Art & Architecture

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Cluny denarius, 12th century

In 930, Raoul, King of the Franks, granted the abbots of Cluny the right to coin money. This important privilege was confirmed shortly afterwards by a diploma from Pope John XI.

The Cluny denarius had a very high value compared to other coins of the time. The abbey stopped minting during the 13th century. On the obverse, the legend PETRVS ET PAVLVS recalls the abbey's dedication to Saints Peter and Paul. The monks of Cluny began minting coins in Souvigny at the end of the 11th century, then in Cluny in the first third of the 12th century.

In the center, the field is adorned with a key, the traditional attribute of Saint Peter. The reverse bears the legend CLUNIACO CENOBIO (monastery of Cluny) and the field features a cross, as do most coins of this period. The study of the monetary treasure discovered in the abbey during excavations carried out by Lyon II University and the CNRS in 2017 will soon increase our knowledge of the little-known Cluny coinage.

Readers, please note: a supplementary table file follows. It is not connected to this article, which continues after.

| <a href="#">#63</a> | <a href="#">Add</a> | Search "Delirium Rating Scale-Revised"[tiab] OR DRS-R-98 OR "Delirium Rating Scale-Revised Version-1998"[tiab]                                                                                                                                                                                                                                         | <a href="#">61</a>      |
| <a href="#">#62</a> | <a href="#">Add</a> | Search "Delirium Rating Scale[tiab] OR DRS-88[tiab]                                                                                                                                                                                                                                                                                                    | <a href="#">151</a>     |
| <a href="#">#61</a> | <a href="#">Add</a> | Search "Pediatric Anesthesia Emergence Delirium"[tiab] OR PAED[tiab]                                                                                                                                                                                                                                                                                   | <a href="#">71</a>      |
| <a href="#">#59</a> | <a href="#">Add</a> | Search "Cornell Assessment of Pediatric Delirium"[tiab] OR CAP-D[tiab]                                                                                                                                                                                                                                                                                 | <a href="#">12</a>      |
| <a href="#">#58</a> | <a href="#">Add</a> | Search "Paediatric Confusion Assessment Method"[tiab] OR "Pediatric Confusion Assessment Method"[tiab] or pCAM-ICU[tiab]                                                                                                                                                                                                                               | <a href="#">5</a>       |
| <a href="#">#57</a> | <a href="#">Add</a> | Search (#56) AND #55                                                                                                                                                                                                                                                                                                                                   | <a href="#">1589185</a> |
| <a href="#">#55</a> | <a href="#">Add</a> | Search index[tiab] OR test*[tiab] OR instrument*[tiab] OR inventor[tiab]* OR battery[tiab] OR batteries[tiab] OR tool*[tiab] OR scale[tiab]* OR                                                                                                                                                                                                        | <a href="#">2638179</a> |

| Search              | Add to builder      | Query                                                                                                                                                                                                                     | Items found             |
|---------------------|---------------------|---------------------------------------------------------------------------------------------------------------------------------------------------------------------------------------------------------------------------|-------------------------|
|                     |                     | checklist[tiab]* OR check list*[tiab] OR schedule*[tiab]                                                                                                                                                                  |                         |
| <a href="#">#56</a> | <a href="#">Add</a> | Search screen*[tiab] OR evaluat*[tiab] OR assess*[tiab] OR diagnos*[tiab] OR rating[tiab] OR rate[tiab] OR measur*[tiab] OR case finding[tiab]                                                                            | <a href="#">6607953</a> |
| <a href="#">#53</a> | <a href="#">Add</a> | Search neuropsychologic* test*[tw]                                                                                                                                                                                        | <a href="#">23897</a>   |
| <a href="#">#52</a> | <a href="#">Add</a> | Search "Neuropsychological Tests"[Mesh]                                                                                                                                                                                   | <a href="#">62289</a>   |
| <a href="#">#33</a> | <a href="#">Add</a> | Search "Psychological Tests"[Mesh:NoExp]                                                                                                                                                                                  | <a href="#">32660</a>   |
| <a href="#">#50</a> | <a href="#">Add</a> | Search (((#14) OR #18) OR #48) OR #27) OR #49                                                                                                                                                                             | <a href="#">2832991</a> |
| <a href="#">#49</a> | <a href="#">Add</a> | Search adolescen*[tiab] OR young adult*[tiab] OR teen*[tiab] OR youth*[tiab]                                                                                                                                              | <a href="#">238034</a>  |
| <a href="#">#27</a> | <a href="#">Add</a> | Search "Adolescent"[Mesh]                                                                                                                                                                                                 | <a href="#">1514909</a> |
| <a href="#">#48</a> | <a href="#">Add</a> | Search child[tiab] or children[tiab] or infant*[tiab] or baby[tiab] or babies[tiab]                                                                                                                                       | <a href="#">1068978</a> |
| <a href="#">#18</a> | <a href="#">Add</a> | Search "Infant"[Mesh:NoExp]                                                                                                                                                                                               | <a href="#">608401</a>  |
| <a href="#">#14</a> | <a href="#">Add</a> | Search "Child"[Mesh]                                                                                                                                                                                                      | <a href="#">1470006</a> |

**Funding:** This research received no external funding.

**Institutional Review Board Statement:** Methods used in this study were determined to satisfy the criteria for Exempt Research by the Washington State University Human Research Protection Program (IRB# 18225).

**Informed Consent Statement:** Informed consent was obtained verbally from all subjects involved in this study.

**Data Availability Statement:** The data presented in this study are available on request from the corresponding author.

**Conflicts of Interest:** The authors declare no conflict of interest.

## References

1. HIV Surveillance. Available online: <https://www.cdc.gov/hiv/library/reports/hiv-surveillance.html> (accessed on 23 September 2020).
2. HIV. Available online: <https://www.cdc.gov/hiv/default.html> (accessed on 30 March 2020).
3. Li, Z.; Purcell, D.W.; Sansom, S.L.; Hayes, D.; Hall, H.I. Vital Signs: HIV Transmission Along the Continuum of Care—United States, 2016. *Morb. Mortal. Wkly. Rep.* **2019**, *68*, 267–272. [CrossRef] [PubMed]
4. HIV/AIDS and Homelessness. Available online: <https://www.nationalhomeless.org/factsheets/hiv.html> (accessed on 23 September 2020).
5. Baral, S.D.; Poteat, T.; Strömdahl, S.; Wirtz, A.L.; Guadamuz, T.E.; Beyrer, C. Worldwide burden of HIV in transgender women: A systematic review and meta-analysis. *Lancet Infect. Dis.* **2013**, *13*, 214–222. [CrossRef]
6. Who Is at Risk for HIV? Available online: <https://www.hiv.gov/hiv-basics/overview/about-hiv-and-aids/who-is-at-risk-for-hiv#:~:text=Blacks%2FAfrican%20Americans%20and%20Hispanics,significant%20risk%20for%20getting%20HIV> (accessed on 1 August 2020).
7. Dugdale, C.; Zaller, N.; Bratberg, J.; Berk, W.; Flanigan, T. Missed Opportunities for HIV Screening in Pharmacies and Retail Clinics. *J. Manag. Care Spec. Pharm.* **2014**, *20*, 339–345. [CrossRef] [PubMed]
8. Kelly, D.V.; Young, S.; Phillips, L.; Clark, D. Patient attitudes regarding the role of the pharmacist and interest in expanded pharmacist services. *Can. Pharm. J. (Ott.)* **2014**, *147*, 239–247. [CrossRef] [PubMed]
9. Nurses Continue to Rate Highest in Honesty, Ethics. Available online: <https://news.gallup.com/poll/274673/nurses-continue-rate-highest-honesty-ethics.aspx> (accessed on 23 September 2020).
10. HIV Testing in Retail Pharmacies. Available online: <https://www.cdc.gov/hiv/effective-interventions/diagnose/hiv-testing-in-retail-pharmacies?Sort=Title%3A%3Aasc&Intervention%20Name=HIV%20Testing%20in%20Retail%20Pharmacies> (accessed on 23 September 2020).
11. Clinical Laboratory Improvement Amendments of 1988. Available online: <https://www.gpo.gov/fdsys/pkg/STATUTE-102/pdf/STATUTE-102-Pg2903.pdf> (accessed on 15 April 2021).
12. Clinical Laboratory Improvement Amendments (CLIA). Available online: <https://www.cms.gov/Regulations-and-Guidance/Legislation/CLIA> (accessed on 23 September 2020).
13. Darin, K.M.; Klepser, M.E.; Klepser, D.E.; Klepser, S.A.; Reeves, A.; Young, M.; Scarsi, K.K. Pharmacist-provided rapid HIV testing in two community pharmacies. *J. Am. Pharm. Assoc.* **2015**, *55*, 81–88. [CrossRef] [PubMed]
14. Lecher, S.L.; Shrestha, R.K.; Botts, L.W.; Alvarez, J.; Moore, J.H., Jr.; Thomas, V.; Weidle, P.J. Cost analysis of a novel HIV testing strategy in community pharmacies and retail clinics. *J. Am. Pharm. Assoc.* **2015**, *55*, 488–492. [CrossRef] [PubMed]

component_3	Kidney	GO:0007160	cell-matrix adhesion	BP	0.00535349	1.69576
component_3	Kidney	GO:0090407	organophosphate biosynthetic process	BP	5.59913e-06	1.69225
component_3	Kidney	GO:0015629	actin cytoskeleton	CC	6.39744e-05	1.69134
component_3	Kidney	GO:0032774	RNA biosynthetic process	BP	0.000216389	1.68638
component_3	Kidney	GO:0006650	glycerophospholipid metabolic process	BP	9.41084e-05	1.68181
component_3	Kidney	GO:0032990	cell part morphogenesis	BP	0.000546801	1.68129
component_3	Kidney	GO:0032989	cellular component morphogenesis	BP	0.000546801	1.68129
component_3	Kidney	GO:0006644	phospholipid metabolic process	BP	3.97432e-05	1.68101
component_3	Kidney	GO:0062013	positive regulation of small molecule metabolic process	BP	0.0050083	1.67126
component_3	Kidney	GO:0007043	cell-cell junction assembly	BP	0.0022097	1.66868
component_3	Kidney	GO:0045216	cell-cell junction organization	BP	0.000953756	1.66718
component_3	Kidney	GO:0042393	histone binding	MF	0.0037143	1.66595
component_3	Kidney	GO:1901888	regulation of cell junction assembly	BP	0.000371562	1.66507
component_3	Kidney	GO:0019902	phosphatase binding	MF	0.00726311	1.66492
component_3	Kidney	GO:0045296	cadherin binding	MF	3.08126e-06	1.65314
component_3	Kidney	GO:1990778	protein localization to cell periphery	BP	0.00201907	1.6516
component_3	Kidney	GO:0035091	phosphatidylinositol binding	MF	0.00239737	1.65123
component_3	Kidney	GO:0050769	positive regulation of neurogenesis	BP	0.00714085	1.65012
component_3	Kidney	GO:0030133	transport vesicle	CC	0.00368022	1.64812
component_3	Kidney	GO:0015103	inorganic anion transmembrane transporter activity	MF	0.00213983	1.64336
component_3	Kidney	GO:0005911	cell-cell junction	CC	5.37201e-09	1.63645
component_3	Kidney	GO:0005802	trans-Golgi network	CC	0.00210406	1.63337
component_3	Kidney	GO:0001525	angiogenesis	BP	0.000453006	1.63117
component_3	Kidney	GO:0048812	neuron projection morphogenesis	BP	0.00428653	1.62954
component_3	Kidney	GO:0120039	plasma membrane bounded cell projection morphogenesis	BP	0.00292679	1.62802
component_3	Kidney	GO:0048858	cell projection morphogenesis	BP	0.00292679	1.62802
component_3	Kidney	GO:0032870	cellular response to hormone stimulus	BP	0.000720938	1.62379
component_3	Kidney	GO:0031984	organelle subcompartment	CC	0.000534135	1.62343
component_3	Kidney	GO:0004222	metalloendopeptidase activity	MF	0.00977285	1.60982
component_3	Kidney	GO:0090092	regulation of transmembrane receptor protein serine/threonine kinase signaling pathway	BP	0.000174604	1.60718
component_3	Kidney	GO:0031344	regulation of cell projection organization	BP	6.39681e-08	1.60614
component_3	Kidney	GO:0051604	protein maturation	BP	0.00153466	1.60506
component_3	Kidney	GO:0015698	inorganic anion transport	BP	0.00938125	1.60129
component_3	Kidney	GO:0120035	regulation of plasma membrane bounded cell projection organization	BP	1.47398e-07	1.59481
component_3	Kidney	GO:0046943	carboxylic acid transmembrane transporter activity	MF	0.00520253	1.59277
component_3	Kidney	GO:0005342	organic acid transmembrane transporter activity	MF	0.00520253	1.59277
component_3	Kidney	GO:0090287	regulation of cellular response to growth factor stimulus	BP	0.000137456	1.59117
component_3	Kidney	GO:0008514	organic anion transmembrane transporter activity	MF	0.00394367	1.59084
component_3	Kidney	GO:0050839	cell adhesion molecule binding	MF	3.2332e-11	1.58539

Musée d'Art et d'Archéologie de Cluny
Eglise abbatiale Cluny III
inv. 88.1.1

Denier de Cluny, XIIe siècle

© Centre des monuments nationaux / Florian Galletti

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The Cluny Museum of Art and Archaeology

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Salle du musée d'art et d'archéologie de Cluny